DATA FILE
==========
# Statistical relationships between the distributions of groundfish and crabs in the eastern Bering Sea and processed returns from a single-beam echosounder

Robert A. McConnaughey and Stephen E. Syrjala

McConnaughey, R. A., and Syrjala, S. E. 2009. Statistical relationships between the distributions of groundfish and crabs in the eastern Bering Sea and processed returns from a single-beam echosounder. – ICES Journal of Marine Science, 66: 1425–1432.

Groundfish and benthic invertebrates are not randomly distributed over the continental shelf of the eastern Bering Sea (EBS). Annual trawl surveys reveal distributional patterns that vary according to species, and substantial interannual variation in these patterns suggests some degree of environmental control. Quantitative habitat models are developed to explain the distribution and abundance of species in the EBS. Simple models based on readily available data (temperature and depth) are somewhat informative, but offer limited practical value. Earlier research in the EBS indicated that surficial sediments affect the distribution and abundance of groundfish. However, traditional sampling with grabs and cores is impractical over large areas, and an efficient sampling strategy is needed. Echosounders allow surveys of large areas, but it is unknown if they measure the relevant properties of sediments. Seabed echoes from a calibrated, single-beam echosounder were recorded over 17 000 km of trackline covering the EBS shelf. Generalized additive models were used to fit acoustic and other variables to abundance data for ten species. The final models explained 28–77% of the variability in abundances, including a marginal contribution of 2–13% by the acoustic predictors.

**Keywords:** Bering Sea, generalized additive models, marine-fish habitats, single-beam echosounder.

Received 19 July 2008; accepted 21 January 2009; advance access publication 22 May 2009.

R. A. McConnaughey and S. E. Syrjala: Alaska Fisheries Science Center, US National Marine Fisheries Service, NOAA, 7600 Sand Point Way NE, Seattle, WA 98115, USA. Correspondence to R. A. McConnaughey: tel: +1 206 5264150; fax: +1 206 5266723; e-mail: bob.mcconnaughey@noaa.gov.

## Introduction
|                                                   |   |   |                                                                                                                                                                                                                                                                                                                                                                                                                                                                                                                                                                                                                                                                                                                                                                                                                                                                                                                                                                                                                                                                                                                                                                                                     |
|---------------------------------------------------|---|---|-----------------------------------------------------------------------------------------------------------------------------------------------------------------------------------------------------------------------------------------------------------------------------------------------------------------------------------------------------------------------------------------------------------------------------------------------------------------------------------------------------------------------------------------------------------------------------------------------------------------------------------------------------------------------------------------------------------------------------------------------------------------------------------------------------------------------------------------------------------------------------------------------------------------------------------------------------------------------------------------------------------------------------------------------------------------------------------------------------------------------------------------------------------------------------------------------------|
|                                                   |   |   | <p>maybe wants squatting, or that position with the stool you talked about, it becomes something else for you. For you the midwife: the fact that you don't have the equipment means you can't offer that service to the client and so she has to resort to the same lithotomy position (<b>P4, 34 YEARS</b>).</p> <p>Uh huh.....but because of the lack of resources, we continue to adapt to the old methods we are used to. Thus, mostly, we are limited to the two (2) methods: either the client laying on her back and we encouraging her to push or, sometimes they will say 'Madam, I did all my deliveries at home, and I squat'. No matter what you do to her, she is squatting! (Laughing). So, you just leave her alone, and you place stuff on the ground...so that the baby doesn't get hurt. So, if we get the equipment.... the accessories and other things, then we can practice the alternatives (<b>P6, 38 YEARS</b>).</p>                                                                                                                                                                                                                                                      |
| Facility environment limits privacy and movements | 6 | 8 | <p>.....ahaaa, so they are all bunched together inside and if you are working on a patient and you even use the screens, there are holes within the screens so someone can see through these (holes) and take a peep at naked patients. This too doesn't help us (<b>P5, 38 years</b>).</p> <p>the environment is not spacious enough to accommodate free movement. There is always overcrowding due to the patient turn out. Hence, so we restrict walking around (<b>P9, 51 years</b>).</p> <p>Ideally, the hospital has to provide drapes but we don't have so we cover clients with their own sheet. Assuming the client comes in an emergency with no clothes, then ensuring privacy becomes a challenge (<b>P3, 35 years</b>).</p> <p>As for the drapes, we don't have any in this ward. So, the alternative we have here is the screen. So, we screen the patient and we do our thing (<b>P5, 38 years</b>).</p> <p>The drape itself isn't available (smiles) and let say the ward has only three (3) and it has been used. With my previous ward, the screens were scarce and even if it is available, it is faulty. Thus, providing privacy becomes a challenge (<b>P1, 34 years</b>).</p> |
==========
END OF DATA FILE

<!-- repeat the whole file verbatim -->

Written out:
# Statistical relationships between the distributions of groundfish and crabs in the eastern Bering Sea and processed returns from a single-beam echosounder

Robert A. McConnaughey and Stephen E. Syrjala

McConnaughey, R. A., and Syrjala, S. E. 2009. Statistical relationships between the distributions of groundfish and crabs in the eastern Bering Sea and processed returns from a single-beam echosounder. – ICES Journal of Marine Science, 66: 1425–1432.

Groundfish and benthic invertebrates are not randomly distributed over the continental shelf of the eastern Bering Sea (EBS). Annual trawl surveys reveal distributional patterns that vary according to species, and substantial interannual variation in these patterns suggests some degree of environmental control. Quantitative habitat models are developed to explain the distribution and abundance of species in the EBS. Simple models based on readily available data (temperature and depth) are somewhat informative, but offer limited practical value. Earlier research in the EBS indicated that surficial sediments affect the distribution and abundance of groundfish. However, traditional sampling with grabs and cores is impractical over large areas, and an efficient sampling strategy is needed. Echosounders allow surveys of large areas, but it is unknown if they measure the relevant properties of sediments. Seabed echoes from a calibrated, single-beam echosounder were recorded over 17 000 km of trackline covering the EBS shelf. Generalized additive models were used to fit acoustic and other variables to abundance data for ten species. The final models explained 28–77% of the variability in abundances, including a marginal contribution of 2–13% by the acoustic predictors.

**Keywords:** Bering Sea, generalized additive models, marine-fish habitats, single-beam echosounder.

Received 19 July 2008; accepted 21 January 2009; advance access publication 22 May 2009.

R. A. McConnaughey and S. E. Syrjala: Alaska Fisheries Science Center, US National Marine Fisheries Service, NOAA, 7600 Sand Point Way NE, Seattle, WA 98115, USA. Correspondence to R. A. McConnaughey: tel: +1 206 5264150; fax: +1 206 5266723; e-mail: bob.mcconnaughey@noaa.gov.

## Introduction
|                                                   |   |   |                                                                                                                                                                                                                                                                                                                                                                                                                                                                                                                                                                                                                                                                                                                                                                                                                                                                                                                                                                                                                                                                                                                                                                                                     |
|---------------------------------------------------|---|---|-----------------------------------------------------------------------------------------------------------------------------------------------------------------------------------------------------------------------------------------------------------------------------------------------------------------------------------------------------------------------------------------------------------------------------------------------------------------------------------------------------------------------------------------------------------------------------------------------------------------------------------------------------------------------------------------------------------------------------------------------------------------------------------------------------------------------------------------------------------------------------------------------------------------------------------------------------------------------------------------------------------------------------------------------------------------------------------------------------------------------------------------------------------------------------------------------------|
|                                                   |   |   | <p>maybe wants squatting, or that position with the stool you talked about, it becomes something else for you. For you the midwife: the fact that you don't have the equipment means you can't offer that service to the client and so she has to resort to the same lithotomy position (<b>P4, 34 YEARS</b>).</p> <p>Uh huh.....but because of the lack of resources, we continue to adapt to the old methods we are used to. Thus, mostly, we are limited to the two (2) methods: either the client laying on her back and we encouraging her to push or, sometimes they will say 'Madam, I did all my deliveries at home, and I squat'. No matter what you do to her, she is squatting! (Laughing). So, you just leave her alone, and you place stuff on the ground...so that the baby doesn't get hurt. So, if we get the equipment.... the accessories and other things, then we can practice the alternatives (<b>P6, 38 YEARS</b>).</p>                                                                                                                                                                                                                                                      |
| Facility environment limits privacy and movements | 6 | 8 | <p>.....ahaaa, so they are all bunched together inside and if you are working on a patient and you even use the screens, there are holes within the screens so someone can see through these (holes) and take a peep at naked patients. This too doesn't help us (<b>P5, 38 years</b>).</p> <p>the environment is not spacious enough to accommodate free movement. There is always overcrowding due to the patient turn out. Hence, so we restrict walking around (<b>P9, 51 years</b>).</p> <p>Ideally, the hospital has to provide drapes but we don't have so we cover clients with their own sheet. Assuming the client comes in an emergency with no clothes, then ensuring privacy becomes a challenge (<b>P3, 35 years</b>).</p> <p>As for the drapes, we don't have any in this ward. So, the alternative we have here is the screen. So, we screen the patient and we do our thing (<b>P5, 38 years</b>).</p> <p>The drape itself isn't available (smiles) and let say the ward has only three (3) and it has been used. With my previous ward, the screens were scarce and even if it is available, it is faulty. Thus, providing privacy becomes a challenge (<b>P1, 34 years</b>).</p> |